Campaigners have called on the Chancellor to prevent communities who’ve done the least to cause the climate crisis from paying the biggest cost.
As Prime Minister Boris Johnson arrived in the United States ahead of the UN General Assembly, representatives from the UK aid agency CAFOD handed in a petition signed by thousands of supporters to HM Treasury in Westminster.
More 2,000 people wrote to the Chancellor Rishi Sunak urging him to finance the UK’s pledge to cut emissions to net zero and to work with other governments on promises to support countries hardest hit by the crisis.
“With COP26 only weeks away, the Chancellor must provide the money needed for the UK to slash its own emissions and persuade other countries to make good on their promises to support people facing the worst impacts of the climate emergency,” said Liam Finn, Campaigns Manager at CAFOD.
“COP26 isn’t going to provide a magic wand to end the climate crisis, but it’s a crucial moment for governments to show how they will keep temperature rises below the catastrophic 1.5-degree level and finally meet their financial commitments to countries being hardest hit by the crisis.”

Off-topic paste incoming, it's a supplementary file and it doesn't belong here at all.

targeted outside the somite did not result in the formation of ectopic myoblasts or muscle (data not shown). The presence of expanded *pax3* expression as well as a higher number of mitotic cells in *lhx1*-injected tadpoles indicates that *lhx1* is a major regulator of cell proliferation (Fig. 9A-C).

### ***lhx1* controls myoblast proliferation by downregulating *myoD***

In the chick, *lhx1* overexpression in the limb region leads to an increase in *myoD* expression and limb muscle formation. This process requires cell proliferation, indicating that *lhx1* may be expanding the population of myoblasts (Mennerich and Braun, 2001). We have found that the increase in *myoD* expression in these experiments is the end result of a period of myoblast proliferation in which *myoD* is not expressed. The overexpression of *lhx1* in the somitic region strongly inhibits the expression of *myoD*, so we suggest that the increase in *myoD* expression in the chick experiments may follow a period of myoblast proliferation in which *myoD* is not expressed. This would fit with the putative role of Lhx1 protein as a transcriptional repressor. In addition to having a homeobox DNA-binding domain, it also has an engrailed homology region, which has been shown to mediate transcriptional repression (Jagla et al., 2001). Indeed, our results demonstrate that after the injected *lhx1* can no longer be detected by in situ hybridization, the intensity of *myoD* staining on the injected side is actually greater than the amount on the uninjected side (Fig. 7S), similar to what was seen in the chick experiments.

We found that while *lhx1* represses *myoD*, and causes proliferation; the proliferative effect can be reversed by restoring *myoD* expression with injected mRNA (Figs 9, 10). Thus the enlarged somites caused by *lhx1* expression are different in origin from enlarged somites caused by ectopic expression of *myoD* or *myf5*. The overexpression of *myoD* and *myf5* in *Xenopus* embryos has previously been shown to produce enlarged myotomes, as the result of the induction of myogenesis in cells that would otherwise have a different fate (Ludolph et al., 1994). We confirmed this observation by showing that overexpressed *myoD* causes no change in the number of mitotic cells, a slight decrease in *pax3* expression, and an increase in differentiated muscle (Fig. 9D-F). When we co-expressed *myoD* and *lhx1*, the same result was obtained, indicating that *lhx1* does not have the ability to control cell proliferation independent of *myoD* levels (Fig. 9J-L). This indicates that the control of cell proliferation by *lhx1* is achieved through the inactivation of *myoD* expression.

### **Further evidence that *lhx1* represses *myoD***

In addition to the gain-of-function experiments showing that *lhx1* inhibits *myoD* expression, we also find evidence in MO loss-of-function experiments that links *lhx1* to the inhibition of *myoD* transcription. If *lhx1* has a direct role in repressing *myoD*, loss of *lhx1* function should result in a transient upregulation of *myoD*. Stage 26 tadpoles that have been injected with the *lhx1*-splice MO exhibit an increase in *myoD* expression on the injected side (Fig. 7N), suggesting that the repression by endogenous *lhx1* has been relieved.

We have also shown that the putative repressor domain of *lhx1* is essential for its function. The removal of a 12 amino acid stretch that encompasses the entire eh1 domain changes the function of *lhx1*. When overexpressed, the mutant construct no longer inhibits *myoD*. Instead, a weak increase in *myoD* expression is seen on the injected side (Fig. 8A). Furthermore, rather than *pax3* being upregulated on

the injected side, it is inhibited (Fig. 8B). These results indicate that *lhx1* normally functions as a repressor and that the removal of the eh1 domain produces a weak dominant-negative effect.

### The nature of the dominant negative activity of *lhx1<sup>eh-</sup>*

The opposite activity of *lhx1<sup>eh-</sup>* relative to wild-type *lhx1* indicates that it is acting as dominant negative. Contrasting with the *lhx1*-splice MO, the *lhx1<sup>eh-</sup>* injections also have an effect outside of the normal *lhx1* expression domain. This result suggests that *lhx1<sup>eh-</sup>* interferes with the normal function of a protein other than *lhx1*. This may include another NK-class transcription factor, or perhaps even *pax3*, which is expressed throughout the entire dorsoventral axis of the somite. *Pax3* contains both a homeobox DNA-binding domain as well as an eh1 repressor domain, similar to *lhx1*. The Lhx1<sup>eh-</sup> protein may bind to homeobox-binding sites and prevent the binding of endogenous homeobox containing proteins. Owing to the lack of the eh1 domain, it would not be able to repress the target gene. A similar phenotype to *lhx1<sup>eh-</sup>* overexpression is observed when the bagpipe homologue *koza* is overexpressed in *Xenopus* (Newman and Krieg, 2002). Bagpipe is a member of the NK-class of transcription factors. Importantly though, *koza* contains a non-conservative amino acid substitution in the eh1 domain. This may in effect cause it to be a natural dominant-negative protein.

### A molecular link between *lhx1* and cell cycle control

“The UK government, as COP hosts, has a special responsibility to make those promises a reality – but the Chancellor hasn’t yet delivered on that.”
The call has come with fewer than 50 days left until the UK hosts the COP26 climate talks in Glasgow.
Campaigners and diplomats from around the world have raised concerns that the UK government is not doing enough to persuade other countries to come to Glasgow with more ambitious commitments to cut greenhouse gas emissions, or to push for other rich countries support communities already feeling the effects of climate change.
They have also asked the Chancellor to work with other finance ministers from the G20 group of rich countries to provide at least $100 billion each year in ‘climate finance’ to poorer countries which are being hit hardest by the climate crisis.
Liam Finn said:
“Pope Francis has called the fight against the climate crisis ‘the greatest leadership opportunity of all’, but it’s one that the Chancellor has yet to show he’s willing to rise to.
“It’s now up to the Chancellor to show whether he’s going to play his part at this crucial moment or whether he will duck responsibility and fail to deliver in the run-up to the COP.”
CAFOD is also asking people to write to the Prime Minister Boris Johnson urging him to put people hardest hit at the heart of COP26 climate talks.